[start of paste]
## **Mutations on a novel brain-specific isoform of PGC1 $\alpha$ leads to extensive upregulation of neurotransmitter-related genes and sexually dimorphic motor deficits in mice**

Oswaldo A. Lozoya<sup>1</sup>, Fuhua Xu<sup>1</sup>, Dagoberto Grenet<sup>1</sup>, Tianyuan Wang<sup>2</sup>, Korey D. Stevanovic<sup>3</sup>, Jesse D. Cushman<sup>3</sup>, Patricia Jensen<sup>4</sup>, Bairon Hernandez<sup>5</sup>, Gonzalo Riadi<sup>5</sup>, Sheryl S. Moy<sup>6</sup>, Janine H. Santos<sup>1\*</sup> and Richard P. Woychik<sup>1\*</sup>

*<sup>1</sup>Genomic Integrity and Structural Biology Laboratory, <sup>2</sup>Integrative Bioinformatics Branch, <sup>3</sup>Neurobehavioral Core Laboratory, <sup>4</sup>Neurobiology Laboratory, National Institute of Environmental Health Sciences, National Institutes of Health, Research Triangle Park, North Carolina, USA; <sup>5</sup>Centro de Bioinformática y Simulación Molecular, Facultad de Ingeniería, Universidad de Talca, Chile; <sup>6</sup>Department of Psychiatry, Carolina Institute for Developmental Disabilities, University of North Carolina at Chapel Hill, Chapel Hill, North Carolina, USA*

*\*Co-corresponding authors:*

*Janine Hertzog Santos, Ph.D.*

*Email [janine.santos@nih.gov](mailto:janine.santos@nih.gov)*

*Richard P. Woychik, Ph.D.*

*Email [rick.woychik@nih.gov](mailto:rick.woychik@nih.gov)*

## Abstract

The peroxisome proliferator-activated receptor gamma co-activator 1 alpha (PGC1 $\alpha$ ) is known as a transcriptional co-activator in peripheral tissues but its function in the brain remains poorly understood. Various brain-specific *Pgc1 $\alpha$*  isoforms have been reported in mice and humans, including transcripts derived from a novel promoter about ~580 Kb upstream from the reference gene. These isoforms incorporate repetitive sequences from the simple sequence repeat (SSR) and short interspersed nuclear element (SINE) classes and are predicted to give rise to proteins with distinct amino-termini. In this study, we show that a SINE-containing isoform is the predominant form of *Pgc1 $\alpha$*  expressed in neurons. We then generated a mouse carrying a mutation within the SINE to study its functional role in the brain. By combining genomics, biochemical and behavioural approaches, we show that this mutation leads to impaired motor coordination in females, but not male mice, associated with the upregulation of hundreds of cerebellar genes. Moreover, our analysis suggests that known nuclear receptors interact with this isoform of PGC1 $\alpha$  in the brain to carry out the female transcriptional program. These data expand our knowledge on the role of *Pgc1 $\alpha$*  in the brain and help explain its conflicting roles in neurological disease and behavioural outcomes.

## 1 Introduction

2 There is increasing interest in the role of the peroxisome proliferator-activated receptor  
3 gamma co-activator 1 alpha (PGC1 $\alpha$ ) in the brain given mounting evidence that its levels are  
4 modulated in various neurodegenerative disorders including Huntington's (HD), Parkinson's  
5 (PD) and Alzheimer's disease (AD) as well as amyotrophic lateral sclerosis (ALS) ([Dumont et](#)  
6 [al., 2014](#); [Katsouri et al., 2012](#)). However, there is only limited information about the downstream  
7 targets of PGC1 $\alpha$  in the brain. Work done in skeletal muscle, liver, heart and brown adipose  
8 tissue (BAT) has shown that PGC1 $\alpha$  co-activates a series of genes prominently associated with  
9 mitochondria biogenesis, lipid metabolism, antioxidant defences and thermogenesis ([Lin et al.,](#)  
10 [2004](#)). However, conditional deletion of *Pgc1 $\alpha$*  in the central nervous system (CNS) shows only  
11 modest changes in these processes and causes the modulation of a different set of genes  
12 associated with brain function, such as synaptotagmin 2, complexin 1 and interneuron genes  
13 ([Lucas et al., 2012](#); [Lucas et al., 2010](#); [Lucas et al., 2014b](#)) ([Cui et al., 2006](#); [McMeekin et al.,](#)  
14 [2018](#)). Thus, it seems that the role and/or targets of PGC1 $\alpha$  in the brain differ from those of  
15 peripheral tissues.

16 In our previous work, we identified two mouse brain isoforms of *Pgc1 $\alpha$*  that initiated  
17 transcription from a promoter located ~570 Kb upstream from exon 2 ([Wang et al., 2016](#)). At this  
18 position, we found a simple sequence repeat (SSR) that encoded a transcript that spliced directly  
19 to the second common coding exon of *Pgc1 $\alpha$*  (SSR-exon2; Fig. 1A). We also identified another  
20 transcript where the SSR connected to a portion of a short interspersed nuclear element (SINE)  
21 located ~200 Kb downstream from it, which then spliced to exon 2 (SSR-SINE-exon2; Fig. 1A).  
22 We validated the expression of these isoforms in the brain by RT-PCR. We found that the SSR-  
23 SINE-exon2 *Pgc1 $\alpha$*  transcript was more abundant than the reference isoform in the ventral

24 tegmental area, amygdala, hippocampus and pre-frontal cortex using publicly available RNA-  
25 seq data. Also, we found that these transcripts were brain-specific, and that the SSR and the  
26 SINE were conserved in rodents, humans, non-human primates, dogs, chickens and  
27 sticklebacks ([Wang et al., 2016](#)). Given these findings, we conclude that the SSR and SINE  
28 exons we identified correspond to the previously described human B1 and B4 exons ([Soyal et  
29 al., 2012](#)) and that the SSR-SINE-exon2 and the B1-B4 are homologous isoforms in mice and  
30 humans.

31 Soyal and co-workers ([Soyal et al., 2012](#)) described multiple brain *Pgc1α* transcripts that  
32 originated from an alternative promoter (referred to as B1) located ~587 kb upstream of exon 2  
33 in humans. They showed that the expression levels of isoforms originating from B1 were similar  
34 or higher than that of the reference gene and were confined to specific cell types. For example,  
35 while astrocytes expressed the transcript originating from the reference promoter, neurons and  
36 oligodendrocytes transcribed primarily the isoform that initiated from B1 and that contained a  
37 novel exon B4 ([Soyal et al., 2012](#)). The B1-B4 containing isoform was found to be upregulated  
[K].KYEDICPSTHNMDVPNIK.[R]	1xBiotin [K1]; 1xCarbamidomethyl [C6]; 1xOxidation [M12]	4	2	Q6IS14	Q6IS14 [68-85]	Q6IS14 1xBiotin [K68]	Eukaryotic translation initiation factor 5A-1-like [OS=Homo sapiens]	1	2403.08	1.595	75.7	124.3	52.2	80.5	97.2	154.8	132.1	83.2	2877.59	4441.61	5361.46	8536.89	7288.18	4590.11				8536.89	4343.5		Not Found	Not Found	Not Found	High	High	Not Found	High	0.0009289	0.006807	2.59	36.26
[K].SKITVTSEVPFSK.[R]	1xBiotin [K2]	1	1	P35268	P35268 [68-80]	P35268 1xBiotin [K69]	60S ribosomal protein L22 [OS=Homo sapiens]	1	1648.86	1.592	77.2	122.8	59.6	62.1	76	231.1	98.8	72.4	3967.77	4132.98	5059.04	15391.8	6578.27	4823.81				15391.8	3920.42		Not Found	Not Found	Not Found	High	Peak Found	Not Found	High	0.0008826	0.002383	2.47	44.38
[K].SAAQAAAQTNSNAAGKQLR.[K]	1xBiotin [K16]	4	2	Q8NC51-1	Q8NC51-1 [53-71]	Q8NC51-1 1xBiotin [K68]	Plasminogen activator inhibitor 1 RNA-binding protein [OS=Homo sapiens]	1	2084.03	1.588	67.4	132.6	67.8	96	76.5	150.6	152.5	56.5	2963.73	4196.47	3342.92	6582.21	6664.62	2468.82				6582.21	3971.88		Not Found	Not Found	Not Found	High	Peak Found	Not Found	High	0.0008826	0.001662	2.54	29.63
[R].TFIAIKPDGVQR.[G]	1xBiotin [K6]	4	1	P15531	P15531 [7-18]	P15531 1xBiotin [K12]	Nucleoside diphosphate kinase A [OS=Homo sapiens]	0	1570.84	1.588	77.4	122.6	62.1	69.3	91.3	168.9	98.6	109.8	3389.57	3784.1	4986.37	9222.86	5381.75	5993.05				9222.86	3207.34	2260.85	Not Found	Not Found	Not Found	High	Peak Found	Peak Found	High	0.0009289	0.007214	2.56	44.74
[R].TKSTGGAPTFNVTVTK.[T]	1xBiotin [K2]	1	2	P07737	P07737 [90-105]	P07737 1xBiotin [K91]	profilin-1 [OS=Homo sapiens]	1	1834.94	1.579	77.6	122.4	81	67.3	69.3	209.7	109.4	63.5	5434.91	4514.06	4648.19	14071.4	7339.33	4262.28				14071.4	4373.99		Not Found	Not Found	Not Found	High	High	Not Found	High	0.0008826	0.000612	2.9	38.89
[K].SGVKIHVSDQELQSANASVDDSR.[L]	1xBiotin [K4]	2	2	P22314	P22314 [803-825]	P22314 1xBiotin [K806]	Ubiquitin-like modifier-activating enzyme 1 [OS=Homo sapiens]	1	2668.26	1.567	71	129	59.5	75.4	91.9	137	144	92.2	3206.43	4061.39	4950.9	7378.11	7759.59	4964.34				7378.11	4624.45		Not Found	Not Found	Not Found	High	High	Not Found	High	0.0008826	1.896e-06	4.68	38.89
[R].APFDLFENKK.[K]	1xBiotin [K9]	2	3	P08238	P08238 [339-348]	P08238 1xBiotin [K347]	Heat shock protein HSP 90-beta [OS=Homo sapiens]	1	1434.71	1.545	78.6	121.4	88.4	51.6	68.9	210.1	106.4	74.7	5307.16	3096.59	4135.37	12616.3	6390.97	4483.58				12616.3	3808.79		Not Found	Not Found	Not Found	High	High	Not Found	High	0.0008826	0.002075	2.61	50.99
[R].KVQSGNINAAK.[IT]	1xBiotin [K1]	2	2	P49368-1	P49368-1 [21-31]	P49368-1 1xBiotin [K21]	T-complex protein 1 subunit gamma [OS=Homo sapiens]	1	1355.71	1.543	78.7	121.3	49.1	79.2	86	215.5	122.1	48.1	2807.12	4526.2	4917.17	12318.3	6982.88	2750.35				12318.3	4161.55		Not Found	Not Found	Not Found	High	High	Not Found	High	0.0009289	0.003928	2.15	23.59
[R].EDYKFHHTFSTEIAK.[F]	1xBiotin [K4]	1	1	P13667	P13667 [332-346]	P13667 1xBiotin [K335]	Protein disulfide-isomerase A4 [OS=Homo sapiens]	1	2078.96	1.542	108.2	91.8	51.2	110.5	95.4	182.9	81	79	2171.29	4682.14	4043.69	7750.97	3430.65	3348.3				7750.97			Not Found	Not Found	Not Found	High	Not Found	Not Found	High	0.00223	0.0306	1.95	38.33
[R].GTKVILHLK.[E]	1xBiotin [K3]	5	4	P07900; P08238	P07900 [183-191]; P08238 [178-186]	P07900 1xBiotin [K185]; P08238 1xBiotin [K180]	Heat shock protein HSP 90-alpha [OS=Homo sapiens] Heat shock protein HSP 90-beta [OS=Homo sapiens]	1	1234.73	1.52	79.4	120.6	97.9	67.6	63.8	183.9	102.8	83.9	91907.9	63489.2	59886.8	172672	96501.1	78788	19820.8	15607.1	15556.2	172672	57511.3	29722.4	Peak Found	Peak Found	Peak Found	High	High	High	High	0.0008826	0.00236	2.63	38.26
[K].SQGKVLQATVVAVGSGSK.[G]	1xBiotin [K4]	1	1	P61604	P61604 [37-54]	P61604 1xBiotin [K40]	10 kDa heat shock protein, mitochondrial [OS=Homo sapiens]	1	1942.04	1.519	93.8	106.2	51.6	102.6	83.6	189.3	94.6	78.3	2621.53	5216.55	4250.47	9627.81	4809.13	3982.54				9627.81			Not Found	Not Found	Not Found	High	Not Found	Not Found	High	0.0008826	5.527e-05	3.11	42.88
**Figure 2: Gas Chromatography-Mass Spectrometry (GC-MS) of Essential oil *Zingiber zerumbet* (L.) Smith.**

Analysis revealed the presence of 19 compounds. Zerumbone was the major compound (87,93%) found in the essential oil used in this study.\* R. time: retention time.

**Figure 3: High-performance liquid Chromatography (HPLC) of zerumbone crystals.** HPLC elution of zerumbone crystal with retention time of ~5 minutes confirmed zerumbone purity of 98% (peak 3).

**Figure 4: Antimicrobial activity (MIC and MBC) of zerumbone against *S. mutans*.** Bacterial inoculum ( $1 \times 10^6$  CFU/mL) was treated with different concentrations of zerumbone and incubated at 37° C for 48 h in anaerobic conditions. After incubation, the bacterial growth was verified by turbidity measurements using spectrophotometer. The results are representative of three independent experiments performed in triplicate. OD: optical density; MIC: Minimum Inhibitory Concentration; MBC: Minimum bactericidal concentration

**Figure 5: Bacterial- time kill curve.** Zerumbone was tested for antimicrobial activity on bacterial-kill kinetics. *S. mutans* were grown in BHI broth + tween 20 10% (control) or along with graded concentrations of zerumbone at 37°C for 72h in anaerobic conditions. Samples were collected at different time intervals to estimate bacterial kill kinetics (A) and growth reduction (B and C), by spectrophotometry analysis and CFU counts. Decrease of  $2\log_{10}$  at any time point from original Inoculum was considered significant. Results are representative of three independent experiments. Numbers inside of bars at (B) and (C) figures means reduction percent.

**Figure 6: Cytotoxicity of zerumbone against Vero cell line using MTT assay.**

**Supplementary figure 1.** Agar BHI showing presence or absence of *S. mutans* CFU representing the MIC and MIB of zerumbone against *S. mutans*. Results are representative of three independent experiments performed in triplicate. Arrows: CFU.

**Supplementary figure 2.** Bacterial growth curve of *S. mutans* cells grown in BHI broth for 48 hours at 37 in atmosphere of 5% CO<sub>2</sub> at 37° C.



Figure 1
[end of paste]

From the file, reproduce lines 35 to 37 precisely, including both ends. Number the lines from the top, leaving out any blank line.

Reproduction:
25 seq data. Also, we found that these transcripts were brain-specific, and that the SSR and the  
26 SINE were conserved in rodents, humans, non-human primates, dogs, chickens and  
27 sticklebacks ([Wang et al., 2016](#)). Given these findings, we conclude that the SSR and SINE  